Swim fins

Swim fins are a useful tool for swimmers as they improve form and increase speed. Typically, short fins are recommended for beginners as they build leg strength, flexibility, and kick technique. Here, Sportlia provides a review of a variety of swim fins.

Hand paddles

Similar to swim fins, hand paddles are useful for beginning swimmers as they support in building upper body strength, improving technique, and adding variety to a swim workout. Athlete Approved provides their rankings of various swim paddles here. 

Pull buoy

Pull buoys are essential tools when learning how to improve swimming form. A common ailment of swimmers of all abilities is “sinking legs.” Sinking legs occurs when the legs and feet of a swimmer float beneath their upper body and create drag. Pull buoys are used to help swimmers feel the appropriate positioning of their body in the water. More information about pull-buoys and how to purchase them are provided here.

Kick board

Kick boards are used, simply, to improve your swimming kick. They allow the swimmer to focus on their kick primarily and practice proper body positioning. Different types of kick boards and their purposes are outlined here.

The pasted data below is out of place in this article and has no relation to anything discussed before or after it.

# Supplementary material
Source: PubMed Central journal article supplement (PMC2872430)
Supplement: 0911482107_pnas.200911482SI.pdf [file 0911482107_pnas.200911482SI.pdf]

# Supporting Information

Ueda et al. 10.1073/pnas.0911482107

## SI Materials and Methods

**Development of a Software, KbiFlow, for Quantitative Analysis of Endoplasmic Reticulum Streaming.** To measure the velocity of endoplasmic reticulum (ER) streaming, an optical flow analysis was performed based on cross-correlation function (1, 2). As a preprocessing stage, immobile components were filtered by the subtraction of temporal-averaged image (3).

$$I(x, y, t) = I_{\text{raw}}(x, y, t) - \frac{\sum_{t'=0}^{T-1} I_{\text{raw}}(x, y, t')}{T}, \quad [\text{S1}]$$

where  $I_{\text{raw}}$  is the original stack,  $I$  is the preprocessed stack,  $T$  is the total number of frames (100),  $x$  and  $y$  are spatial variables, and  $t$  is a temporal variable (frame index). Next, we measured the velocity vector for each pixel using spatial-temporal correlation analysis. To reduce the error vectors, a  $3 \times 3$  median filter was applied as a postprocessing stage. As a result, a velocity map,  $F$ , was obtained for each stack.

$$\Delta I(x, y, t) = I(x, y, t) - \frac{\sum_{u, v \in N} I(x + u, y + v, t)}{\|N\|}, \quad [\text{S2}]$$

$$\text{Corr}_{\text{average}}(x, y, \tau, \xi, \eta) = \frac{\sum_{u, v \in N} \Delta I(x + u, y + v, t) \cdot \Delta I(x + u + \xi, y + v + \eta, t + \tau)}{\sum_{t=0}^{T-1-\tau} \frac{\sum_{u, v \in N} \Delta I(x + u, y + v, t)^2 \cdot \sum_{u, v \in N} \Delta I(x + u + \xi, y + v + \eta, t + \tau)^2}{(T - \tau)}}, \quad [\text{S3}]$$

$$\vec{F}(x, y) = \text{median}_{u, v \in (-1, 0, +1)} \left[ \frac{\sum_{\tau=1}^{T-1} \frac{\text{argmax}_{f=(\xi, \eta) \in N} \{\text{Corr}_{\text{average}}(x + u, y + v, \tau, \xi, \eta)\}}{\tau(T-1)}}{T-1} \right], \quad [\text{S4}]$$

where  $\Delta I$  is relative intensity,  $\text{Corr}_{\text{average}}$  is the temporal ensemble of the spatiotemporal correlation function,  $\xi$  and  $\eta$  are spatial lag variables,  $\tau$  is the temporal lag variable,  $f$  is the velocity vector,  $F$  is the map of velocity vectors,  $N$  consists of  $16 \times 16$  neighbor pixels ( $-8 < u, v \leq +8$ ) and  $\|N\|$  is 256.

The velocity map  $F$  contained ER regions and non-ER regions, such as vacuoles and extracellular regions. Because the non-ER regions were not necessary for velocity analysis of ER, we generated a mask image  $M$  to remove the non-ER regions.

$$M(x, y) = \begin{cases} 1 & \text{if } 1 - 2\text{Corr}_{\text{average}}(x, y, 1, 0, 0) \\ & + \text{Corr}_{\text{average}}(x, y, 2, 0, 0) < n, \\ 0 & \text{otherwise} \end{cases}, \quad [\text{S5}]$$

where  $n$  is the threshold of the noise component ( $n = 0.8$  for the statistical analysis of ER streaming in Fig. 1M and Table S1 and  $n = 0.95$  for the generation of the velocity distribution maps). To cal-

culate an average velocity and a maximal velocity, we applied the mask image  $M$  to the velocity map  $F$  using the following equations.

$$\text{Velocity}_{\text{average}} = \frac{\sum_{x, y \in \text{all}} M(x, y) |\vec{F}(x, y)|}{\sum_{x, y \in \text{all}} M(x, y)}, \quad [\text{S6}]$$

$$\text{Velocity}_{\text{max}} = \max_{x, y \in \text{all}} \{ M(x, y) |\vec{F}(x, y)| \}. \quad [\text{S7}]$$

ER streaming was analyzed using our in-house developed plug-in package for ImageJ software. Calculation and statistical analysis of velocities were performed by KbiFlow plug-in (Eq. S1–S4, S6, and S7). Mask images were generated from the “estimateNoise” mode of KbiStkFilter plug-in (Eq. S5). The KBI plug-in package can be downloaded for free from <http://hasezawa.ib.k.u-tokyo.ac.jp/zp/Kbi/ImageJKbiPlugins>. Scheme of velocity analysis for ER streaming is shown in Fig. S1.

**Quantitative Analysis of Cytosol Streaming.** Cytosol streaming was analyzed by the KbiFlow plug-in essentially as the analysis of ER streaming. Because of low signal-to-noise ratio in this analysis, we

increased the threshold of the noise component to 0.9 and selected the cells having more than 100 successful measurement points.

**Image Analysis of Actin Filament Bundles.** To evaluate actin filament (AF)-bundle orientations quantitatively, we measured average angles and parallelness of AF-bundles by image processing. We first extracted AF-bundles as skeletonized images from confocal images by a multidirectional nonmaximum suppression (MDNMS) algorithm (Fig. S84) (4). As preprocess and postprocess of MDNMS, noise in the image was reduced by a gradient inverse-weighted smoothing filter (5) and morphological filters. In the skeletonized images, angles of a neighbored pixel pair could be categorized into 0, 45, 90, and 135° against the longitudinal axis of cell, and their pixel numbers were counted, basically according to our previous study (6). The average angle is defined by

Beginner swimming: Getting started

Now that you have your “why” and know what gear is needed to start swimming, the last, but perhaps scariest piece of the puzzle is getting started.

My first recommendation is to see if there is a local pool that offers adult beginner swimming lessons. Having a professional guide you can allow for an increased sense of safety and hands-on support for improvement. Adult swimming lessons are often offered in groups or individually.

My triathlon coach, Kristan Huenink, recommends getting into the pool more frequently for shorter spurts of time than few longer workouts. This is because swimming well is dependent on technique. When swimming longer, we get tired, and are less able to focus on form. It can be useful to watch YouTube videos to have good visualization of proper form. Additionally, if someone is able, it can be helpful to have videotape of your swimming so you can identify your own swimming needs.

All of this aside, the most important part of beginner swimming is jumping into a pool and being open to learning a new skill. 

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About Sarah Kelly

Sarah Kelly is a licensed social worker and certified alcohol and drug counselor. Sarah received her MSW from Loyola University and Chicago and currently works as an individual and group therapist for Clarity Clinic Chicago with an emphasis in addiction and trauma work. While Sarah believes that therapy is a significant and often necessary tool to foster personal and community wellness, Sarah believes in caring for the whole person and whole community. Sarah works towards this value by engaging in Chicago’s running and yoga communities, tapping into several book clubs and indulging in the bachelor. Sarah hopes to support you in the process in discovering what brings you value in yourself and your community.